The Chicago Real Estate Minute
Seller myths: How to Fail, Part 1 1

Seller myths: How to Fail, Part 1

There are numerous ways to derail your sale. And seller myths often play a big part in it.
6 minute read

Seller myths can run rampant and are detri­men­tal to a seller’s ultimate goals. It happens all the time, and it’s important sellers know much of what they’ve heard is complete hogwash.

Only sell in the spring or summer

Seller myths: How to Fail, Part 1 2
Image by Karen Arnold from Pixabay

What a load. Indeed, there are often more buyers out in the market during those two seasons than the fall and winter. But people often forget that there are sub­stan­tial­ly more sellers that you’re competing with during those months as well.

If selling in spring or summer is best for you, sell then — but don’t hold off on selling in fall or winter because of this tired and inac­cu­rate myth. Sell when it makes the most sense for you to sell, period. And there’s no guarantee that the market will be better if you wait several months — it may be worse!

Preparing to sell isn’t that important

It’s often true that one of the biggest hassles in selling is just getting a home ready to sell. When looking at the seemingly endless list of things to do to get it in impec­ca­ble shape, you may be tempted to just say “it’s good enough”. And that decision could cost you tens of thousands.

Sure, there may be a few outliers who are looking for a fixer-upper, which is all your home will be con­sid­ered if it’s not in line with most on the market. Almost all buyers are looking for a home that’s move-in ready. If they aren’t, that buyer will be looking for a deep discount.

Seller myths: How to Fail, Part 1 3

Assume at your peril that buyers can and will see past any imper­fec­tions in your home. The faded paint, stained carpet, worn hardwood flooring or Fido smell are all going to be caught by any buyers. Ensure that the one impres­sion you make on a buyer is a great one.

With the updated photos and virtual tours used today, any seller should assume that the first showing actually occurs before they even know it’s happened. If you hear crickets chirping, it’s because the home doesn’t hold enough appeal to be looked at in person, only online. Regardless of the market, staging a home in the best possible showing condition will help it sell for the most money in the shortest amount of time.

Make lots of improvements before selling

Tools for do it yourself projects
Image by Steve Buissinne from Pixabay

This can be true but it isn’t always the case. If there are minor improve­ments that you can make (only a few of which can offer a potential positive short-term ROI), I suggest doing them. Most of the time, do not spend large sums of money on improve­ments (like a brand new kitchen) that probably won’t give you the return you’re hoping for.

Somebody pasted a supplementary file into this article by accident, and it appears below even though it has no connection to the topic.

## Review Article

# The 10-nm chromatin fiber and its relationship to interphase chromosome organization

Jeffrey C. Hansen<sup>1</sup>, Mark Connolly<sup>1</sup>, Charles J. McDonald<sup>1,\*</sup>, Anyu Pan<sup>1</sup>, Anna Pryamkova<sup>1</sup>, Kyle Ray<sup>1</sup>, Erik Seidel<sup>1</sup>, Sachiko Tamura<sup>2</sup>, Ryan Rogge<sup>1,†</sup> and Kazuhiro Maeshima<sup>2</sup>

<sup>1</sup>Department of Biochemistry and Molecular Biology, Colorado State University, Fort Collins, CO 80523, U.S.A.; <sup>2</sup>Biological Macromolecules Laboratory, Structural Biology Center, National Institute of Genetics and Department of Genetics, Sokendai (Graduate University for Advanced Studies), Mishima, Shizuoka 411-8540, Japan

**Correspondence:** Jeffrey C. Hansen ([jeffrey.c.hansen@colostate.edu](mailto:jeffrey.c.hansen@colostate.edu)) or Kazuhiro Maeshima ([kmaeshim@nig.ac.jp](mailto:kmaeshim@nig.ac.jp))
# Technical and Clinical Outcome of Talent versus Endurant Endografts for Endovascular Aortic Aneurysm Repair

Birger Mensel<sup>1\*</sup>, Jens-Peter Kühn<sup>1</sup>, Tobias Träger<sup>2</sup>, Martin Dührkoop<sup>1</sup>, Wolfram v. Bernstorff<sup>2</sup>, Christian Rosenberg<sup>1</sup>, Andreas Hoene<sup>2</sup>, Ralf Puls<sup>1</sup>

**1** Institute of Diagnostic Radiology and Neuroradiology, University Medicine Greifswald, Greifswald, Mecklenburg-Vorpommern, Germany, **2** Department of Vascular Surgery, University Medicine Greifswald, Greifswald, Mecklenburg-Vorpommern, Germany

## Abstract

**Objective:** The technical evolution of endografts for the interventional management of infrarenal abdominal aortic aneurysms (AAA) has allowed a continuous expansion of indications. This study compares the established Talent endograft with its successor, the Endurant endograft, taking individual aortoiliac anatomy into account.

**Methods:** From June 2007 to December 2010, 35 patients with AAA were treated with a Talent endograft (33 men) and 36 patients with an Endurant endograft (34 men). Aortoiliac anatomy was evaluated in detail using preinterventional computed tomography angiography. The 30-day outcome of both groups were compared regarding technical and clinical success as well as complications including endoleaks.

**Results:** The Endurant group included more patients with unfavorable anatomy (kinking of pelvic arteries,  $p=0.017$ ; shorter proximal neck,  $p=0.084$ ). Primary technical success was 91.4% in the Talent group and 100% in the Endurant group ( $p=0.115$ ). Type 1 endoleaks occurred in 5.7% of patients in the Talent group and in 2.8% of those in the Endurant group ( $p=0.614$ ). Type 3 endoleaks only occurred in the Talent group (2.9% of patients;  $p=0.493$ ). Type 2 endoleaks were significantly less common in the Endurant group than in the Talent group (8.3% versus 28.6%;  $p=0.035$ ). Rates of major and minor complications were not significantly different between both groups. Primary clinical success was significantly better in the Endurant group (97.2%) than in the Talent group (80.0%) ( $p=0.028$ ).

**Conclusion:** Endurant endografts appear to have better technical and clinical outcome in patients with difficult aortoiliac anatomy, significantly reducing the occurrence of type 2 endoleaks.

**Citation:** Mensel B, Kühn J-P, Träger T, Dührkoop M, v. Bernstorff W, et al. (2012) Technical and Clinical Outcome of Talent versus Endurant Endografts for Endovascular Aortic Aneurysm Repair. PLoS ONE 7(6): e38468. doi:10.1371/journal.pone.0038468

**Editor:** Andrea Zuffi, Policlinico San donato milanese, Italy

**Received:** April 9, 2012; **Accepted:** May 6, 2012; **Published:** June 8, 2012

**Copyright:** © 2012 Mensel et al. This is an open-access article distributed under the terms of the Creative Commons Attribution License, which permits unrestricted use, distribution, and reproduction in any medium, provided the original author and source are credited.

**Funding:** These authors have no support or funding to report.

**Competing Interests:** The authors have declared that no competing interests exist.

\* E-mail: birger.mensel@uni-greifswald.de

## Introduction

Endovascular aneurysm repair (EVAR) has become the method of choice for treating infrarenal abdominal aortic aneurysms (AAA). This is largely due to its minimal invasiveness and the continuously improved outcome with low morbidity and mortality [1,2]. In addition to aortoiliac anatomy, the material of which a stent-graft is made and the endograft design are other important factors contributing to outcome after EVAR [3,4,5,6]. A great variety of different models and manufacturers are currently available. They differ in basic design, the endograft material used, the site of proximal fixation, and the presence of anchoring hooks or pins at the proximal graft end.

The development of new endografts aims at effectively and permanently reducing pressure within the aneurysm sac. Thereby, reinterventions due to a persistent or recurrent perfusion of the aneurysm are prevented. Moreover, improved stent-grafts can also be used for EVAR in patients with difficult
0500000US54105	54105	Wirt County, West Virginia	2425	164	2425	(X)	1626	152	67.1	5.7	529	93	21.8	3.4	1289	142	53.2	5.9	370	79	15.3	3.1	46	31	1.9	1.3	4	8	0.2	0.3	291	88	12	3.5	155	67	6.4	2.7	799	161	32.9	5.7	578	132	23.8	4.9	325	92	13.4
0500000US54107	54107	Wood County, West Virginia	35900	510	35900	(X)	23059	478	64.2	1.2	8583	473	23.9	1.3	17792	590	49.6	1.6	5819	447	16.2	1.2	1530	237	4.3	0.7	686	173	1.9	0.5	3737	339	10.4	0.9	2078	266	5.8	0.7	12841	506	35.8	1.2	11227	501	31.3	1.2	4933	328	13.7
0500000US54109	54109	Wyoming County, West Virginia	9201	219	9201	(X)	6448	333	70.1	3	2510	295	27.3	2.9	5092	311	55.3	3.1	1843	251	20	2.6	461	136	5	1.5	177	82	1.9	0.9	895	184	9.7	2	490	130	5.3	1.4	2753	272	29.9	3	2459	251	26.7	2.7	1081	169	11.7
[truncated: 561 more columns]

Looking at your home subjectively

Yes, there are specific things about your home that are different, which are some of the reasons why you decided to buy it in the first place. And if those hold value to the general homebuyer public, they should help the value of your home when selling it. Of all the seller myths, this may be the easiest to fall prey to.

Often times, sellers have been told that they “have a gold mine, a real standout of a home” by their friends and family. Perhaps neighbors who know they want to sell are saying the same thing, hoping that the home sells for more because it pos­i­tive­ly affects them. Unfortunately those neighbors, friends and family don’t suffer the con­se­quences of sitting on the market for months on end due to it being priced too high.

When it comes to netting the most money (which, be honest, is what selling the home is all about), it is vital to look at your home objec­tive­ly as a buyer would. Avoid looking at it through the lens of the seller who’s been living there. A great agent can help you with this.

Selling For Sale By Owner is worth it

Seller myths: How to Fail, Part 1 4
Image by Gino Crescoli from Pixabay

Those con­tem­plat­ing this usually have a few thoughts driving this idea — that they can save money, and that it’s easy to sell a home. Both are dangerous thoughts to stick with, and the results are usually very costly. Homes sold by owner are only at 7% in the most recent report — the lowest since records began — and homes sold this way sell for 24.5% less than homes sold with the help of an agent.

Some addi­tion­al things to consider:

  • Marketing. How will you market the home? Think it all takes care of iteself? Nope.
  • Screening buyers. Will you be doing this? How?
  • Daily activ­i­ties. There are numerous activ­i­ties involved with selling a home. Will you be doing them, in addition to your normal everyday life?
  • Interpreting the market. This is arguably the biggest reason to use an agent. What would you rely on to determine what’s going on?
  • Coördinating showings. If you’re FSBO, it’s all you baby!
  • Negotiating without emotion. Any home seller has an emotional attach­ment to their home. It’s inher­ent­ly natural. Selling on your own could be like being your own attorney in court …
  • Experience. Do you do this full time, every day?
  • The inspec­tion. How should you schedule? Should you as a seller be there?
  • The appraisal. How should a seller handle this? It can get sticky.
  • The buyer’s mortgage. How would you make sure all is on track?
  • Assuming liability. Since you’re doing this on your own, that’s you!
  • You won’t save any money. Buyers will expect to save the same money you’re trying to save since they know you’re selling FSBO.

Think about it this way — if you think it’s expensive to hire a pro­fes­sion­al to sell your home, just wait until you hire an amateur! And all that hassle, just to likely sell it for less …

… View the next post about seller myths here

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